Colamonico Case – a Big Deal

by Stephen Schneider, principal at ScanFiles, Inc. and DocuCents

Colamonico shifts the balance between Providers and Payers yet again…


In November of 2019 the WCAB issued the published En Banc decision Colamonico v. Secure Transportation, which made sweeping changes to the expectations the Administration now has for WCJs, Medical Legal Providers, and Payers when adjudicating medical legal receivables. Specifically, it changed the way the Administration views the various party responsibilities under Labor Code Sections 4620-4622.

Before we dive in, I want to briefly mention that people using the system will likely NOT have noticed much or any of the changes I am about to discuss, because it often takes YEARS for changes in the law to filter down into high volume day to day practice. So, if you are reading this and say to yourself “This is not a big deal, I’ve hardly had any push back on Colamonico or contested claim style disputes.” … what we are exploring in this article is what changed, and what will be the most LIKELY response by the system users in the future. With that said, here we go…


The net effect of the decision is that Payers are no longer required to dispute medical legal invoices within 60 days of receipt of the same, which has been the historical interpretation. In fact, because actions listed in Labor Code Section 4622 are precluded for the Payer until the Provider meets their “initial burden of proof” under LC Sections 4620 and 4621, the Payers are not required to take any action on a medical legal invoice they have been served with until the provider does something more than just serve the invoice. The Provider is now required to “meet their initial burden of proof” that Labor Code Sections 4620 and 4621 have been fully complied with BEFORE the Payer has any responsibilities under Labor Code Section 4622 – whatsoever. [See Colamonico page 2, lines 11 through 16]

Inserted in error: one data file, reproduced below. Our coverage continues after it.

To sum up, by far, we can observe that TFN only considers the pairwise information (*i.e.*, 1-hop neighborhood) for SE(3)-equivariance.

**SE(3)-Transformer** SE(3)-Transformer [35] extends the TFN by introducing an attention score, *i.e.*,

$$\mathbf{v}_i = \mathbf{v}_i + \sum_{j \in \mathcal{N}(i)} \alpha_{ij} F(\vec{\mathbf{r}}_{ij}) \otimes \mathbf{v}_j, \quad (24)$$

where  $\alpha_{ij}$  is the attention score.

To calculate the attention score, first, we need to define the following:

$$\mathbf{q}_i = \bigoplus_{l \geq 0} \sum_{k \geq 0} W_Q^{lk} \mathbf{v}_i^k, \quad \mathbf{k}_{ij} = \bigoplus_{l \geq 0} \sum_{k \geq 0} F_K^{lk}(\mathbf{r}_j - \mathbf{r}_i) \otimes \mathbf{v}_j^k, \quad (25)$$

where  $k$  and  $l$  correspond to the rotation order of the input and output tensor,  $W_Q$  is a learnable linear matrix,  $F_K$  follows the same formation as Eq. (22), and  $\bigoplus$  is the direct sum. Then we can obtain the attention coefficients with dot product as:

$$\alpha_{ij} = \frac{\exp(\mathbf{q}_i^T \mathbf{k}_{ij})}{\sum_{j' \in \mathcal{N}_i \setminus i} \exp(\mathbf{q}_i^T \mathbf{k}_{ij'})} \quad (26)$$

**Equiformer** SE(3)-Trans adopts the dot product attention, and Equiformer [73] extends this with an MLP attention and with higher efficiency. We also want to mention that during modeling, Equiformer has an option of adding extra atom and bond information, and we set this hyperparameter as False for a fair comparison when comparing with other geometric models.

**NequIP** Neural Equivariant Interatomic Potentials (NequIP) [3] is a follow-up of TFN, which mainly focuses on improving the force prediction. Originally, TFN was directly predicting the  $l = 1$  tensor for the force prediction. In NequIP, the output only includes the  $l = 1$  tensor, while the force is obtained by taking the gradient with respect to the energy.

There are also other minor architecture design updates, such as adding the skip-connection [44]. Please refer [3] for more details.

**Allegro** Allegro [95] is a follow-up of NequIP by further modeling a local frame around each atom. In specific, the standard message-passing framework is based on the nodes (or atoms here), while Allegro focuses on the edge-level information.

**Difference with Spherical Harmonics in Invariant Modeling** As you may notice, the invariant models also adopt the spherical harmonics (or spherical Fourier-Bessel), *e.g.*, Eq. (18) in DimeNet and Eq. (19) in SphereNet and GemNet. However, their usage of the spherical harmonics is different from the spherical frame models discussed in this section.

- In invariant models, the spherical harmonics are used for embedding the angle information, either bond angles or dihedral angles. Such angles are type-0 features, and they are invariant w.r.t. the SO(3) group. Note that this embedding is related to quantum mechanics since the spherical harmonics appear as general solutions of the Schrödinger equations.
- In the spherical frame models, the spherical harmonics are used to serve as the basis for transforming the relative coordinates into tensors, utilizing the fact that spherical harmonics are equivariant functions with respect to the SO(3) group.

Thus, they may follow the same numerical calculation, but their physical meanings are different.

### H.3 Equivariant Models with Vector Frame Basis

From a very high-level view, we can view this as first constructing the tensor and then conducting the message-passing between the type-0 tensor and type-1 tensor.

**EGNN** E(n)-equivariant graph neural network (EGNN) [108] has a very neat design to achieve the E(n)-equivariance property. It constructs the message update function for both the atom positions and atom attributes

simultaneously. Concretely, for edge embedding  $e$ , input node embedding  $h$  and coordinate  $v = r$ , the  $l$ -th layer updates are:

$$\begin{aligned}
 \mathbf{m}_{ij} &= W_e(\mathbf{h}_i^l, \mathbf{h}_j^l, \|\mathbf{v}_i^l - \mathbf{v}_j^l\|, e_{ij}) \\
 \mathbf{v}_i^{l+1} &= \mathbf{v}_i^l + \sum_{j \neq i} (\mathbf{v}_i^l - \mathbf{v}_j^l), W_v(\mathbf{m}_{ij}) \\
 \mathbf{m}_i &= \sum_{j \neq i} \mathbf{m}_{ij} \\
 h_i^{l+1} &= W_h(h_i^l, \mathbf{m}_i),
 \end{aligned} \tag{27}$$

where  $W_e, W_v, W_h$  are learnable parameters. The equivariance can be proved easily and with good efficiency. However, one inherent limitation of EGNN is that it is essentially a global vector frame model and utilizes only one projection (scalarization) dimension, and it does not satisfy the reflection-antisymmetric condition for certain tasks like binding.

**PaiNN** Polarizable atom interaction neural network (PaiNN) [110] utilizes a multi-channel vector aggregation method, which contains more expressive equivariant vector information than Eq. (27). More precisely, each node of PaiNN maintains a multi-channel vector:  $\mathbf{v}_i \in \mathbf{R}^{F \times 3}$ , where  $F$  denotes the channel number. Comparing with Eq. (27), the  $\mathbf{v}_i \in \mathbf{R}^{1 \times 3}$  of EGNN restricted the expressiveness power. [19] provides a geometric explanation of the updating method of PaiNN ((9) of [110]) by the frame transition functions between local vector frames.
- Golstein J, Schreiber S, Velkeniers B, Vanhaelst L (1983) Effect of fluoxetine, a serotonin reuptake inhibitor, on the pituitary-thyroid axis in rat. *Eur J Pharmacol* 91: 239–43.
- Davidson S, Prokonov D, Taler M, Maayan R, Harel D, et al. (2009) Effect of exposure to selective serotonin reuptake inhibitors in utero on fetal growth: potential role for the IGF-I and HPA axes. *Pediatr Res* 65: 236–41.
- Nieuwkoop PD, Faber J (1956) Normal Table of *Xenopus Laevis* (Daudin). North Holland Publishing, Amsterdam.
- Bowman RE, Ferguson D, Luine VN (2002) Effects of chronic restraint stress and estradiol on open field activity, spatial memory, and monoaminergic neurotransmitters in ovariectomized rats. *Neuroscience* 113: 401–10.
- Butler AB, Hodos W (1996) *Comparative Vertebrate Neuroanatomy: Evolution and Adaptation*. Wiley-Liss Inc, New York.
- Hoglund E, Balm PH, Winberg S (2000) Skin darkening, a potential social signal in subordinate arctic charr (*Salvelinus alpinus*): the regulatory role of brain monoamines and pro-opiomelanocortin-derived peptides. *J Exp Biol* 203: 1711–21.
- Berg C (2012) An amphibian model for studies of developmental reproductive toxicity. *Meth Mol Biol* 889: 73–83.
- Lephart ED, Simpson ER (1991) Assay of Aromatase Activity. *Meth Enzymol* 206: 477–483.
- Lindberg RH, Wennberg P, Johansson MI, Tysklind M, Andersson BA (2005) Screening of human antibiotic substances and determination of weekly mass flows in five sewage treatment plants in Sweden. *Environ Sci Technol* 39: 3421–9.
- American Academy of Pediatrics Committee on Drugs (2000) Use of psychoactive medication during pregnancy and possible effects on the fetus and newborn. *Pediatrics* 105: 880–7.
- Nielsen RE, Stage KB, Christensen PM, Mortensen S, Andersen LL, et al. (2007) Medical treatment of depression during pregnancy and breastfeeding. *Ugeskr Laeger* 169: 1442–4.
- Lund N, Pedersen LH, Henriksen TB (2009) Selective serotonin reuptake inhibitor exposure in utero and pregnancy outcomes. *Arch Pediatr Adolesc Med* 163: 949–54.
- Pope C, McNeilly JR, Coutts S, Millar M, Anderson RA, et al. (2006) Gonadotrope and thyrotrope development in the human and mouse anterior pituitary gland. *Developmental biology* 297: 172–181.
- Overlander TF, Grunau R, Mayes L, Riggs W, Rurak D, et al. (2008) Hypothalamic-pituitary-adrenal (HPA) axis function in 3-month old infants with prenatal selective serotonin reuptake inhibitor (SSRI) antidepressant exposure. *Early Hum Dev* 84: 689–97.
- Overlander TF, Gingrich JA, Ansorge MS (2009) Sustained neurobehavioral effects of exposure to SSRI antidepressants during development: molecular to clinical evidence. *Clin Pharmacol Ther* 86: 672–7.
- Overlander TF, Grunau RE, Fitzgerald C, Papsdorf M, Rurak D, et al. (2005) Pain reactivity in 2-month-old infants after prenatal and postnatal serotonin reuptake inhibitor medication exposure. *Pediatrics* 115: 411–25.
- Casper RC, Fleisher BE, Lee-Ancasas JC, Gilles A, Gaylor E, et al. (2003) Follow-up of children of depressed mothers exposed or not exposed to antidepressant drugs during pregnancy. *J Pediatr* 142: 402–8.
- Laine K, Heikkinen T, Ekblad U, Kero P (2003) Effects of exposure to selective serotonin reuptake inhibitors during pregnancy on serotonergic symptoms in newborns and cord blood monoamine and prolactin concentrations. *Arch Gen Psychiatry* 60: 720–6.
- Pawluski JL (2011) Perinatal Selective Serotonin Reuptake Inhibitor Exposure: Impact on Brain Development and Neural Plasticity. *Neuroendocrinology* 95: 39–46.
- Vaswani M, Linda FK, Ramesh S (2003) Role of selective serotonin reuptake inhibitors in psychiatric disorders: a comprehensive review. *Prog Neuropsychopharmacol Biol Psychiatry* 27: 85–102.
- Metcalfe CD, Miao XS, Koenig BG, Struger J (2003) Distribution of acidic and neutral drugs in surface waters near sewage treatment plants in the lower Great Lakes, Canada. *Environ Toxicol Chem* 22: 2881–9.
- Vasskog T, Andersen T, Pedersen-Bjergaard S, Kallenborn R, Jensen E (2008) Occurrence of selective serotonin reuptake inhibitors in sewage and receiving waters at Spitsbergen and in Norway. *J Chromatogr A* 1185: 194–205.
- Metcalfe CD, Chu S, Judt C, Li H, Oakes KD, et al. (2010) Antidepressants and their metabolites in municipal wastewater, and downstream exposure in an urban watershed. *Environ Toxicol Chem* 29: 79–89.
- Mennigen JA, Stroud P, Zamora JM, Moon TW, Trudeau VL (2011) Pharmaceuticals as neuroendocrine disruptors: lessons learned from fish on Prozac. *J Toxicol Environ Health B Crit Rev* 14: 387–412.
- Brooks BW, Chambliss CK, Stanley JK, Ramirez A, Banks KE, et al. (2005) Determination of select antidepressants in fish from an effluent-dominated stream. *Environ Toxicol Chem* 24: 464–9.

It’s unclear exactly what is now required by a Provider to start the deadlines and procedures written into Labor Code Section 4622, but it’s definitely NOT just an invoice. The WCJs in the system have been put on notice by the WCAB that Payers who failed to timely serve an Explanation of Review (EOR) or objection to any invoice have definitely NOT waived any rights, and are not subject to sanctions, or for paying the Provider’s attorney fees should they have failed to timely dispute an invoice. [Colamonico page 5, line 3] The Payer can simply ignore the invoice for years without much consequence – as the Payer did in the Colamonico case. In Colamonico parlance, the Provider must meet their “Initial Burden Of Proof” that they have a right to request payment for their services under all of the requirements of Labor Code Sections 4620 and 4621 before the Payer has to review the Invoice and either pay, partially pay, and/or serve an Explanation of Review (EOR) as defined in Labor Code Section 4622.